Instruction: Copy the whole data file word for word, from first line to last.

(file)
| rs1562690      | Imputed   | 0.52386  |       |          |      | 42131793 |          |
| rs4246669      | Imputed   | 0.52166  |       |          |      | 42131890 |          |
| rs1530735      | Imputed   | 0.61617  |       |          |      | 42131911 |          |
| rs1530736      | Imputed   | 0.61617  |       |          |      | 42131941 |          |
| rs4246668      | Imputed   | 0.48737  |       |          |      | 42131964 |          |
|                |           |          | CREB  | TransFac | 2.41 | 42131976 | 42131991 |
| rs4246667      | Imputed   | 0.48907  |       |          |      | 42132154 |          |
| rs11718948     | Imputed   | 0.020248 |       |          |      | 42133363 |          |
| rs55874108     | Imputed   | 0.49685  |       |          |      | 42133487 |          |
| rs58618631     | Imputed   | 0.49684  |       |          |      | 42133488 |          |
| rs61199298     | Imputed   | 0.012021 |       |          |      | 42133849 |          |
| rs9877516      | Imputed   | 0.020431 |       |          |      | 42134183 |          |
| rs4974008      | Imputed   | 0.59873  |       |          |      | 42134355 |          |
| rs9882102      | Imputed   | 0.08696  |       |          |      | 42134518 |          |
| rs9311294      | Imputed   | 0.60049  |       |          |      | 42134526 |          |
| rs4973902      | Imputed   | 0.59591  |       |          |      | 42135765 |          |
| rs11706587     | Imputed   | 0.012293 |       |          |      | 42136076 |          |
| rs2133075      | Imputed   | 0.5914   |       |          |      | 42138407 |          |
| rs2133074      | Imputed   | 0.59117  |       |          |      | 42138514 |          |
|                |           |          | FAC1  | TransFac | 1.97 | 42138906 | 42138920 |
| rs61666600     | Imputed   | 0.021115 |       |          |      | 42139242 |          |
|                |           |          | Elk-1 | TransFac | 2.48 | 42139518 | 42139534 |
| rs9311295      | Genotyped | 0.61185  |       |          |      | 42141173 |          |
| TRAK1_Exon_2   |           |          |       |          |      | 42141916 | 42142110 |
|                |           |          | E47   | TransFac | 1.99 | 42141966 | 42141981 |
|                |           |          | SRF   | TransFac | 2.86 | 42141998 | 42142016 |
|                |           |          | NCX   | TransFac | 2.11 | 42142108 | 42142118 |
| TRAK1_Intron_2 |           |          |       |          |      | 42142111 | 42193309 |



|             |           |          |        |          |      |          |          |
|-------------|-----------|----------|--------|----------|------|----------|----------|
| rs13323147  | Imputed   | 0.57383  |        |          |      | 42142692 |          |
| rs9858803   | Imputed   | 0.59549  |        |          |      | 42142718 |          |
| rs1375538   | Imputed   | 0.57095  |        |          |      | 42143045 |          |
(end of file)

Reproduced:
| rs1562690      | Imputed   | 0.52386  |       |          |      | 42131793 |          |
| rs4246669      | Imputed   | 0.52166  |       |          |      | 42131890 |          |
| rs1530735      | Imputed   | 0.61617  |       |          |      | 42131911 |          |
| rs1530736      | Imputed   | 0.61617  |       |          |      | 42131941 |          |
| rs4246668      | Imputed   | 0.48737  |       |          |      | 42131964 |          |
|                |           |          | CREB  | TransFac | 2.41 | 42131976 | 42131991 |
| rs4246667      | Imputed   | 0.48907  |       |          |      | 42132154 |          |
| rs11718948     | Imputed   | 0.020248 |       |          |      | 42133363 |          |
| rs55874108     | Imputed   | 0.49685  |       |          |      | 42133487 |          |
| rs58618631     | Imputed   | 0.49684  |       |          |      | 42133488 |          |
| rs61199298     | Imputed   | 0.012021 |       |          |      | 42133849 |          |
| rs9877516      | Imputed   | 0.020431 |       |          |      | 42134183 |          |
| rs4974008      | Imputed   | 0.59873  |       |          |      | 42134355 |          |
| rs9882102      | Imputed   | 0.08696  |       |          |      | 42134518 |          |
| rs9311294      | Imputed   | 0.60049  |       |          |      | 42134526 |          |
| rs4973902      | Imputed   | 0.59591  |       |          |      | 42135765 |          |
| rs11706587     | Imputed   | 0.012293 |       |          |      | 42136076 |          |
| rs2133075      | Imputed   | 0.5914   |       |          |      | 42138407 |          |
| rs2133074      | Imputed   | 0.59117  |       |          |      | 42138514 |          |
|                |           |          | FAC1  | TransFac | 1.97 | 42138906 | 42138920 |
| rs61666600     | Imputed   | 0.021115 |       |          |      | 42139242 |          |
|                |           |          | Elk-1 | TransFac | 2.48 | 42139518 | 42139534 |
| rs9311295      | Genotyped | 0.61185  |       |          |      | 42141173 |          |
| TRAK1_Exon_2   |           |          |       |          |      | 42141916 | 42142110 |
|                |           |          | E47   | TransFac | 1.99 | 42141966 | 42141981 |
|                |           |          | SRF   | TransFac | 2.86 | 42141998 | 42142016 |
|                |           |          | NCX   | TransFac | 2.11 | 42142108 | 42142118 |
| TRAK1_Intron_2 |           |          |       |          |      | 42142111 | 42193309 |



|             |           |          |        |          |      |          |          |
|-------------|-----------|----------|--------|----------|------|----------|----------|
| rs13323147  | Imputed   | 0.57383  |        |          |      | 42142692 |          |
| rs9858803   | Imputed   | 0.59549  |        |          |      | 42142718 |          |
| rs1375538   | Imputed   | 0.57095  |        |          |      | 42143045 |          |